Amazon Web Services has announced that it will build a wind farm in rural Paulding County, Ohio, to generate 320,000 megawatt hours of electricity a year, starting in May 2017, to power its cloud data centers.
It's building three data centers in Hilliard, Dublin, and New Albany, Ohio, and building two fulfillment centers in Etna and Obetz, Ohio, all suburbs of Ohio's capital, Columbus. The fulfillment and data centers will receive power only indirectly from the wind farm, which is hundreds of miles away.
The electricity generated will be plugged into the Ohio grid, offsetting the state's energy suppliers' need to generate that amount of power through their predominantly coal-fired generators. Paulding County is in northwest Ohio, the county seat, Paulding, is a village of 3,544. The Paulding wind farm, dubbed Amazon US Central, will be constructed by EDP Renewables.
The wind farm, announced November 19, is another step for Amazon toward keeping its pledge to generate renewable energy for use in all its cloud data centers. AWS also has a long-term power-purchase agreement with what will be the Amazon Fowler Ridge wind farm that the Pattern Energy Group is constructing across the border in Benton County, Indiana. The Indiana farm is expected to start generating 500,000 megawatt hours a year in January of 2016.
[Want to learn more about data center energy consumption? See Data Centers Slash Energy Usage.]
In June, Amazon announced Amazon Solar Farm US East in Virginia, scheduled to generate 170,000 megawatt hours of power annually. It operates its largest data center complex in Ashburn, Va. It followed up that move in July by announcing Amazon Wind Farm US East in North Carolina, which is expected to generate 670,000 megawatts of power annually.
It's already declared that its US West region in Oregon, which is different from its US West region in Northern California, is receiving renewable energy, although it didn't specify what type. It's close to the Columbia River basin's hydroelectric power. AWS GovCloud, also based in data centers in Oregon, is "carbon-neutral," as is its Frankfurt, Germany, facility.
But AWS acknowledges that it still has a way to go. "As of April 2015, approximately 25% of the power consumed by our global infrastructure comes from renewable energy sources. By the end of 2016, we intend to reach 40%," Amazon said in a statement on its sustainable-energy policy.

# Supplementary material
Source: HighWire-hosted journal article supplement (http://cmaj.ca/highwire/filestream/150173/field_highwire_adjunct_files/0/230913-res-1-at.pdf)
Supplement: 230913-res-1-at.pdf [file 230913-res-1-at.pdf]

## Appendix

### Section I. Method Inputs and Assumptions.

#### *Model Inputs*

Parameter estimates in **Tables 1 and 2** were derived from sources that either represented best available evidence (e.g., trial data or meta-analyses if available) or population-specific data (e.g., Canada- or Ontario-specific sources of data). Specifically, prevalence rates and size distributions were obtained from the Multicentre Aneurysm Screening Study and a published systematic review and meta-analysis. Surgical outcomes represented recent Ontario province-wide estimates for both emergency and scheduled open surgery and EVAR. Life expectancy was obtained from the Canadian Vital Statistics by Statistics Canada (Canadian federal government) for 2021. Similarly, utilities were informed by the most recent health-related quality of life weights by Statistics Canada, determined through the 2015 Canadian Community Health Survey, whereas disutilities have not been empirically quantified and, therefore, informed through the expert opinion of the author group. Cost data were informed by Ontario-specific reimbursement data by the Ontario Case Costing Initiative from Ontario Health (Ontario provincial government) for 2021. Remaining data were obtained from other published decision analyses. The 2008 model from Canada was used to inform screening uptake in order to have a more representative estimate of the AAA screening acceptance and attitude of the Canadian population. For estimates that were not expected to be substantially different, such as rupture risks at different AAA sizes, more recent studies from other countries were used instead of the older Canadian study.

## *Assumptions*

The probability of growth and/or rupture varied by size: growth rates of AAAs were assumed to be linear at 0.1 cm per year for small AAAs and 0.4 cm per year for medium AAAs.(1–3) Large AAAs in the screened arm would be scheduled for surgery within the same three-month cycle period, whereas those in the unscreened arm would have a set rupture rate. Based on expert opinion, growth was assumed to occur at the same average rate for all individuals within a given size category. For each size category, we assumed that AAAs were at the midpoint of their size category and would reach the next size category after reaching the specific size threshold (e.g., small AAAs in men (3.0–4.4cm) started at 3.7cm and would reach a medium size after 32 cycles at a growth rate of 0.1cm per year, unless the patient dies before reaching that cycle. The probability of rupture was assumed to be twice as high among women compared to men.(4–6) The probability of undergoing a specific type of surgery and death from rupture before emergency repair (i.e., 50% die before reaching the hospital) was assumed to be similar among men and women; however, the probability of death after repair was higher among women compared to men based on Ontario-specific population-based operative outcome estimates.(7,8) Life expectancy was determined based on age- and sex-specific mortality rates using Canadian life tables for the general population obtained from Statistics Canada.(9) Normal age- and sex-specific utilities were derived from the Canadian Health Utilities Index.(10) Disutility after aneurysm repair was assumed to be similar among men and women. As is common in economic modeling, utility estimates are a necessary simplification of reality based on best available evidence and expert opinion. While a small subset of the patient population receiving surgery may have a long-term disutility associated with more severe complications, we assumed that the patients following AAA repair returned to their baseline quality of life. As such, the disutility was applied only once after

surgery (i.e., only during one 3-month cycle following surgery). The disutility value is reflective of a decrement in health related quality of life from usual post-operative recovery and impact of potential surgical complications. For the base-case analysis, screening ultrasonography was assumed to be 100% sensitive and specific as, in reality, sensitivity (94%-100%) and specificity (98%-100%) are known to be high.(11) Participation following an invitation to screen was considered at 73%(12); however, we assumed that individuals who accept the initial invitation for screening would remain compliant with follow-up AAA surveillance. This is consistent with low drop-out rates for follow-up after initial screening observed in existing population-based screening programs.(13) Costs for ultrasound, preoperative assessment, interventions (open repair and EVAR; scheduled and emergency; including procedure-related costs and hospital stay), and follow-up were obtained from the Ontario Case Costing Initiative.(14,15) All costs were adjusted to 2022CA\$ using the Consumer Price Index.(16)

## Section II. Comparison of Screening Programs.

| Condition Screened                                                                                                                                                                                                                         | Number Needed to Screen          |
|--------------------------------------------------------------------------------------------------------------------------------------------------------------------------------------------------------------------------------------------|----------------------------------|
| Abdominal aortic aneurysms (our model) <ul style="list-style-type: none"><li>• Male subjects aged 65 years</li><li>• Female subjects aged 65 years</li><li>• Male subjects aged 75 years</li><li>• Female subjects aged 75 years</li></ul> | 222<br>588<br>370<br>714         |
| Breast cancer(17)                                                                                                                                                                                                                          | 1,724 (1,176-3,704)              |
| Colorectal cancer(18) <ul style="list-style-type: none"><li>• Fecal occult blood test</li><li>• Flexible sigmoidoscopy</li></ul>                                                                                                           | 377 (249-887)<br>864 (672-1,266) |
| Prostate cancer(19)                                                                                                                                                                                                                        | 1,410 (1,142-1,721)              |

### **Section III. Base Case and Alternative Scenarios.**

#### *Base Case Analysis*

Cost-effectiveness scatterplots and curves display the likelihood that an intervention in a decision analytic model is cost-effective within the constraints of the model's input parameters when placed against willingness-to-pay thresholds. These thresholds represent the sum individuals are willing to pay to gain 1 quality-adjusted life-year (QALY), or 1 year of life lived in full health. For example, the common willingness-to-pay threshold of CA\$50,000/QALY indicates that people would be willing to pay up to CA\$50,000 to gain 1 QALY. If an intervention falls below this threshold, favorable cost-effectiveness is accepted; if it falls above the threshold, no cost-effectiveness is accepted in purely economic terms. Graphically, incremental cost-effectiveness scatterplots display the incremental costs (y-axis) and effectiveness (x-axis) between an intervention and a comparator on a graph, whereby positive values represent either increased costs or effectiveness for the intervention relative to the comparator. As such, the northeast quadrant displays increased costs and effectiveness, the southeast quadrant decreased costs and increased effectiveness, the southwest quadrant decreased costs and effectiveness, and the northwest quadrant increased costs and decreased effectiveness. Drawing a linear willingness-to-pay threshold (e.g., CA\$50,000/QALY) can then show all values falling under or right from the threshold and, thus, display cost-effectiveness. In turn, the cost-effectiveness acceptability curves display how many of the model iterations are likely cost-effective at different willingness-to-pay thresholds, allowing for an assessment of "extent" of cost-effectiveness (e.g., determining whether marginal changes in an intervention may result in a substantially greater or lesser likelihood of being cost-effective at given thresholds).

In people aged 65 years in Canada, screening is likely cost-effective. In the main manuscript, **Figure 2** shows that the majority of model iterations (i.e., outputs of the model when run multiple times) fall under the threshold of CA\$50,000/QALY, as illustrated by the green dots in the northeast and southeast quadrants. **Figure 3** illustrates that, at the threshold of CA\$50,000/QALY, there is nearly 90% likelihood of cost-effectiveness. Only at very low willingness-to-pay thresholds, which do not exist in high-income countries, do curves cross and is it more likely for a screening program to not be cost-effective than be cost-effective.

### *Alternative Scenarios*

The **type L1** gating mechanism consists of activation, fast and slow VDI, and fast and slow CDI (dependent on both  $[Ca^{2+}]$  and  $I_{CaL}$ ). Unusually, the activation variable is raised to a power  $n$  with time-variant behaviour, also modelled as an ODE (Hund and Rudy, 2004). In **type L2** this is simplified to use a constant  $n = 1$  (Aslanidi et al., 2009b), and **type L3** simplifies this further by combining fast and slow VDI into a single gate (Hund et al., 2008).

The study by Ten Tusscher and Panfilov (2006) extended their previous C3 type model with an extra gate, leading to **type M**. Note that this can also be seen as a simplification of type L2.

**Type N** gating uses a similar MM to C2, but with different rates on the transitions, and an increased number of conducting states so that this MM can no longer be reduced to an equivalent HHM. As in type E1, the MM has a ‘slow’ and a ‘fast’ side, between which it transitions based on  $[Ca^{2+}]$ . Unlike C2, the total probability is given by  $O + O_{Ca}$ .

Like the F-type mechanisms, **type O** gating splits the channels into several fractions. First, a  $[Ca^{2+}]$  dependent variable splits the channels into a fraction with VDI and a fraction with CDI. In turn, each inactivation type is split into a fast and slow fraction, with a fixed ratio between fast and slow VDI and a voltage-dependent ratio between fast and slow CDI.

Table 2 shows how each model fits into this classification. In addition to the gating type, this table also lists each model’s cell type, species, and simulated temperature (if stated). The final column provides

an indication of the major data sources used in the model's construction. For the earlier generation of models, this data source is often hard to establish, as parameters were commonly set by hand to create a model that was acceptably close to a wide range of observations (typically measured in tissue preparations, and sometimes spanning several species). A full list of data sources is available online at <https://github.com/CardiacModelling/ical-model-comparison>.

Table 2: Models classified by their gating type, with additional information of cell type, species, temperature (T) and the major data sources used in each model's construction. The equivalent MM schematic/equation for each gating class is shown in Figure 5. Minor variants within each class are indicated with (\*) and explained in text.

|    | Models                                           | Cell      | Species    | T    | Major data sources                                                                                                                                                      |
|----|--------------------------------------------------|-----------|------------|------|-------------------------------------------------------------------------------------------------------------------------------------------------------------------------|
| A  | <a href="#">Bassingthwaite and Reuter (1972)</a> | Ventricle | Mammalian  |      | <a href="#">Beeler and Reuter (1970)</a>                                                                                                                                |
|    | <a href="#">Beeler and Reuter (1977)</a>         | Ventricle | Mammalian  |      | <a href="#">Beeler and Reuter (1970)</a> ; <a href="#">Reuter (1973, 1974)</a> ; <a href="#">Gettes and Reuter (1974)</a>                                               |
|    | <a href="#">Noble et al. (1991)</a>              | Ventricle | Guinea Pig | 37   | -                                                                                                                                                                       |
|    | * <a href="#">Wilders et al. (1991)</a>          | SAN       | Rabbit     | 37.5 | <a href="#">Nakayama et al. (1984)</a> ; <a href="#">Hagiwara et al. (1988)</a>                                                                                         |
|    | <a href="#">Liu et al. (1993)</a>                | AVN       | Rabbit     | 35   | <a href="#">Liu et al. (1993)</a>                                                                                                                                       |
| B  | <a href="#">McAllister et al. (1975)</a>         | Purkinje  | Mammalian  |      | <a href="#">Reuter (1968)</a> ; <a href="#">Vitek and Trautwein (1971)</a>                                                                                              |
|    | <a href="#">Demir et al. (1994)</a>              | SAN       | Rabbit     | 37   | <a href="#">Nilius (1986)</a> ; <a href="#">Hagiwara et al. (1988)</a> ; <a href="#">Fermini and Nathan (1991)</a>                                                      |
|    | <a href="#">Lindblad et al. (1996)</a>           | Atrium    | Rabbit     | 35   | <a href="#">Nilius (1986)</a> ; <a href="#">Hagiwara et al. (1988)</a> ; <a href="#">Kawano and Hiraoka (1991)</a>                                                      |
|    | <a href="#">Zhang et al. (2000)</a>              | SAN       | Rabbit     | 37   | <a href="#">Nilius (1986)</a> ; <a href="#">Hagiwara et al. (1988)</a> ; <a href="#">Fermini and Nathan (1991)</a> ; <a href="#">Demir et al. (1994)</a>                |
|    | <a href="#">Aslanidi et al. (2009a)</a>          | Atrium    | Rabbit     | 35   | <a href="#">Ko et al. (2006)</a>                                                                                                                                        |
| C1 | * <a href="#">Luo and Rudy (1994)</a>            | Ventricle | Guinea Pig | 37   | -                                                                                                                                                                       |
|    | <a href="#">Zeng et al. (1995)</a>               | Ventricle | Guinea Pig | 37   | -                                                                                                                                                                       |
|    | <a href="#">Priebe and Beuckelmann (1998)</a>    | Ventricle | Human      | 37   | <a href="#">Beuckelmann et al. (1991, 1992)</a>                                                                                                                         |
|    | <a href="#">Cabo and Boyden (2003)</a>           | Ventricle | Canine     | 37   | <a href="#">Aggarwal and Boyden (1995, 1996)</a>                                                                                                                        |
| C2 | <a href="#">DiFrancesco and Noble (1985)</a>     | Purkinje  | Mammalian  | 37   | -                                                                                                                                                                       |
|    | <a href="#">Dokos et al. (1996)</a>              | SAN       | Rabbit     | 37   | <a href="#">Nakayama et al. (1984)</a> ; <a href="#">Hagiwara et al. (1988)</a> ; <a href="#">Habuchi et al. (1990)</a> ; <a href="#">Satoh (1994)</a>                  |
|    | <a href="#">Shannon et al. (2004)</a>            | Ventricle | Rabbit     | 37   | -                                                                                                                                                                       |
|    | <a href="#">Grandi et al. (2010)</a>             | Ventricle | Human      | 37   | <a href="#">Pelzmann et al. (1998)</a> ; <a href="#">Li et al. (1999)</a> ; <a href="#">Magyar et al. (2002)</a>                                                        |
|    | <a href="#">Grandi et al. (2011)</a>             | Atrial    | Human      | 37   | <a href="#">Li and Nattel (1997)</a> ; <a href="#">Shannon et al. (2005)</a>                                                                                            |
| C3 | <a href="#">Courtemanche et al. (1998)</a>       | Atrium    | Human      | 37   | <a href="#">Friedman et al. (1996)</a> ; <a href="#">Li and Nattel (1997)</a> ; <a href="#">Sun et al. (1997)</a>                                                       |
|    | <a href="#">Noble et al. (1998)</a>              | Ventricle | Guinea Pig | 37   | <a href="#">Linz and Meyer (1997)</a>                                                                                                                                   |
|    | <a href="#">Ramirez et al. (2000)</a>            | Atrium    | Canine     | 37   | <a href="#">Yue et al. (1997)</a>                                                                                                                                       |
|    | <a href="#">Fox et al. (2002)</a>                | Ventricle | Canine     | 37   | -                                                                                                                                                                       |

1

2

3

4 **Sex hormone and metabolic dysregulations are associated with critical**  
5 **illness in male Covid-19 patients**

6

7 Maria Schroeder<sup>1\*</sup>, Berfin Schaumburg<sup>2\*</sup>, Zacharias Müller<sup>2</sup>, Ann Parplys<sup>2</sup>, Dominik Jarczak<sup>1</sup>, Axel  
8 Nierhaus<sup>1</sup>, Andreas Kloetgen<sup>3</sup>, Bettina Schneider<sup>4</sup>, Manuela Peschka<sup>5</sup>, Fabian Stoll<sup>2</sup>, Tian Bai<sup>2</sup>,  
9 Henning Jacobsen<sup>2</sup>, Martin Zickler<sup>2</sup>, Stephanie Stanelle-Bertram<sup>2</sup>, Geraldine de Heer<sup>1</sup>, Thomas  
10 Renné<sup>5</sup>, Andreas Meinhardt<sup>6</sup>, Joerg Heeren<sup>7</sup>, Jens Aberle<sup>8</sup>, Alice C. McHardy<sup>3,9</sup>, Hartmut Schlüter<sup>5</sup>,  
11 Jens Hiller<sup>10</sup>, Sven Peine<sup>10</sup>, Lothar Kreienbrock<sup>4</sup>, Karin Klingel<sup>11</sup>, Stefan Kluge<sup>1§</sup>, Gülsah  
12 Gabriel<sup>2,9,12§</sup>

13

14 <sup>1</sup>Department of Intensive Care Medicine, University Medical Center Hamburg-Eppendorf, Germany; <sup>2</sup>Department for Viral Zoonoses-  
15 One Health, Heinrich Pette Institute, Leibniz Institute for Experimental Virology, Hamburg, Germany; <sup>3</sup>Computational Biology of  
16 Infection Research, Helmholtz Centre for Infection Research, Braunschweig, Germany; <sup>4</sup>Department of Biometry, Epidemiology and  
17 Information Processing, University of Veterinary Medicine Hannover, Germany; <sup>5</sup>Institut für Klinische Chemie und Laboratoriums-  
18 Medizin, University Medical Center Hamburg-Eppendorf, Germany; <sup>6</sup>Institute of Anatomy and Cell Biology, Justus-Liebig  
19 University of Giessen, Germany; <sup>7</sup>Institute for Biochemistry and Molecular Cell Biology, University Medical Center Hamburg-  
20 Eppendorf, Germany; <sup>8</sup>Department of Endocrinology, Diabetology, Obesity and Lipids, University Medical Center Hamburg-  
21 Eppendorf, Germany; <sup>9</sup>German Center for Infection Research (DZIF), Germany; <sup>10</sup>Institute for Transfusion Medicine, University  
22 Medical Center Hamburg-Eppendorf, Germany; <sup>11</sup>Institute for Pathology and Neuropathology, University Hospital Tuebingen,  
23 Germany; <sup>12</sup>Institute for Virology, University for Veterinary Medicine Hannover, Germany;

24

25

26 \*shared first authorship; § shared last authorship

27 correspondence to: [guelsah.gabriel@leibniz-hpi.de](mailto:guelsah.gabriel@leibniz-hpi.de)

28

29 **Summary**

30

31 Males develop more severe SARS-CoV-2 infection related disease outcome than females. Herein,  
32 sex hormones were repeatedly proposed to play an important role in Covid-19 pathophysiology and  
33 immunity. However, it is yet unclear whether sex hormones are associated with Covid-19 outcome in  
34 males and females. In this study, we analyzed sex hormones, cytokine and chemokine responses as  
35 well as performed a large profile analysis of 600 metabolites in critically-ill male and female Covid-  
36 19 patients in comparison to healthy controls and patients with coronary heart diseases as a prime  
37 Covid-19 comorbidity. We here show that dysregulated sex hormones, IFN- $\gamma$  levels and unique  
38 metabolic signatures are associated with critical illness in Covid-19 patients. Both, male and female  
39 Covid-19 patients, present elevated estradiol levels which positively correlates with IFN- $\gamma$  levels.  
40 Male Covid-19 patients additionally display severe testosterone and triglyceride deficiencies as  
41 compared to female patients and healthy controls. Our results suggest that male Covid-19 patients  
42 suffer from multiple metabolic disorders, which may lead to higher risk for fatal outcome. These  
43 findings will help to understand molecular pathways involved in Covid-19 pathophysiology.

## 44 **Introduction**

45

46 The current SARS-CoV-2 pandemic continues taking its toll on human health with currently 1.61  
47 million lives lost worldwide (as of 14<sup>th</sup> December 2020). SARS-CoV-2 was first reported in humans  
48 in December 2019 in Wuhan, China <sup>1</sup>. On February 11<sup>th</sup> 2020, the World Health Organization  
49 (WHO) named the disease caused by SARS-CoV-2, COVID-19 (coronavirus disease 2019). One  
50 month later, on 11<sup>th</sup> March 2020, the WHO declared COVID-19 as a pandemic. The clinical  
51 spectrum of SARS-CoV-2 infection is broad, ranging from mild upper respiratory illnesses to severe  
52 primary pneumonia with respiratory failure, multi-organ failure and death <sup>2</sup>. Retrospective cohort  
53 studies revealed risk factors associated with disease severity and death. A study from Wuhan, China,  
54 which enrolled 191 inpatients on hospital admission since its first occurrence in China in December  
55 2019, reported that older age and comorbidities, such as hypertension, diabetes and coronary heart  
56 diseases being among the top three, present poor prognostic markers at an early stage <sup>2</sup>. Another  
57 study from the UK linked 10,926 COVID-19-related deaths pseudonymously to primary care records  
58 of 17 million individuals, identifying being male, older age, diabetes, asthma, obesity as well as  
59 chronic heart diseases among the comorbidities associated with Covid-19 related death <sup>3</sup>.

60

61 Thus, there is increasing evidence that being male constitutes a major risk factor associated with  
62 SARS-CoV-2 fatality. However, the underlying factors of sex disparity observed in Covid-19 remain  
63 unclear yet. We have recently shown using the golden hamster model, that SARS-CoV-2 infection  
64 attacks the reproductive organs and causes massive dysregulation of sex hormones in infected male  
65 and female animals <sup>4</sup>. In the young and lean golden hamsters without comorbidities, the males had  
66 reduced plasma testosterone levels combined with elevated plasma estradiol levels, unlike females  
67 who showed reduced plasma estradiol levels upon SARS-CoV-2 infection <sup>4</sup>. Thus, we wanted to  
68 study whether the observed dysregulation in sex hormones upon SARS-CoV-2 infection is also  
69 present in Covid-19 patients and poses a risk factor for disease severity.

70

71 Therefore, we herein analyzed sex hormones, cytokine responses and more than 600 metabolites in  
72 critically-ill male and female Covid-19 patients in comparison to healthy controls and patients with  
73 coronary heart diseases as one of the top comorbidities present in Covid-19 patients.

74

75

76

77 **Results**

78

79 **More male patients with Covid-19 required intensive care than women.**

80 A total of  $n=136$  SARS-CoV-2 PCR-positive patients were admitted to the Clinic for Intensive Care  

Amazon's is one of several data center builders that's trying to stay in step with Facebook and Apple, which have pledged to base their cloud operations on renewable energy sources. Google and Microsoft have also taken the pledge.
Google said in a statement earlier this year, "We're currently using renewable energy to power 37% of our operations and expect this to increase significantly in the next two years. In fact, we commit to tripling our purchases of renewable energy by 2025." It also said it will try to buy green power near its data centers.
Amazon said a large-scale cloud provider can achieve a server utilization rate of 64% compared to 15% for the typical on-premises server, "which means when companies move to the cloud, they typically provision fewer than one-fourth of the servers than they would on-premises."
It estimates that its modern data centers are at least 29% more efficient in the amount of power they need for the same amount of work than an enterprise data center.
Still, some have questioned the impact of cloud computing on energy consumption. For example, in 2012, Greenpeace International in the Netherlands published a report titled "How Green Is Your Cloud?"
More recently, shortly after Amazon announced its new Ohio data centers in May, critics questioned whether Amazon was anywhere near its goal to run its cloud data centers with renewable energy. "Given that Ohio's electricity grid is powered predominantly by coal, current and potential customers of AWS have to wonder how the Ohio growth fits into AWS's commitment to power the data centers with 100% renewable energy," wrote David Pomerantz for CleanTechnica, a website devoted to making technology use non-polluting, on June 25.
In a related move, as of June 1 Amazon has been collecting sales tax from its customers in Ohio, which it still doesn't do in 24 states. AWS has resisted sales tax collection in many states, but agrees to the collect taxes in states where it builds data centers, renewable power generation plants, and distribution facilities. Washington State, California, Virginia, and New York were among the first to persuade Amazon to collect the tax, a boon for state receipts.
Ohio is the 26th state to join Amazon's tax collection ranks. Next in 2016 will be South Carolina, where Amazon is building distribution facilities, according to the Wall Street Journal.
New deadline of Dec. 18, 2015 Be a part of the prestigious InformationWeek Elite 100! Time is running out to submit your company's application by Dec. 18, 2015. Go to our 2016 registration page: InformationWeek's Elite 100 list for 2016.Charles Babcock is an editor-at-large for InformationWeek and author of Management Strategies for the Cloud Revolution, a McGraw-Hill book. He is the former editor-in-chief of Digital News, former software editor of Computerworld and former technology editor of Interactive ... View Full Bio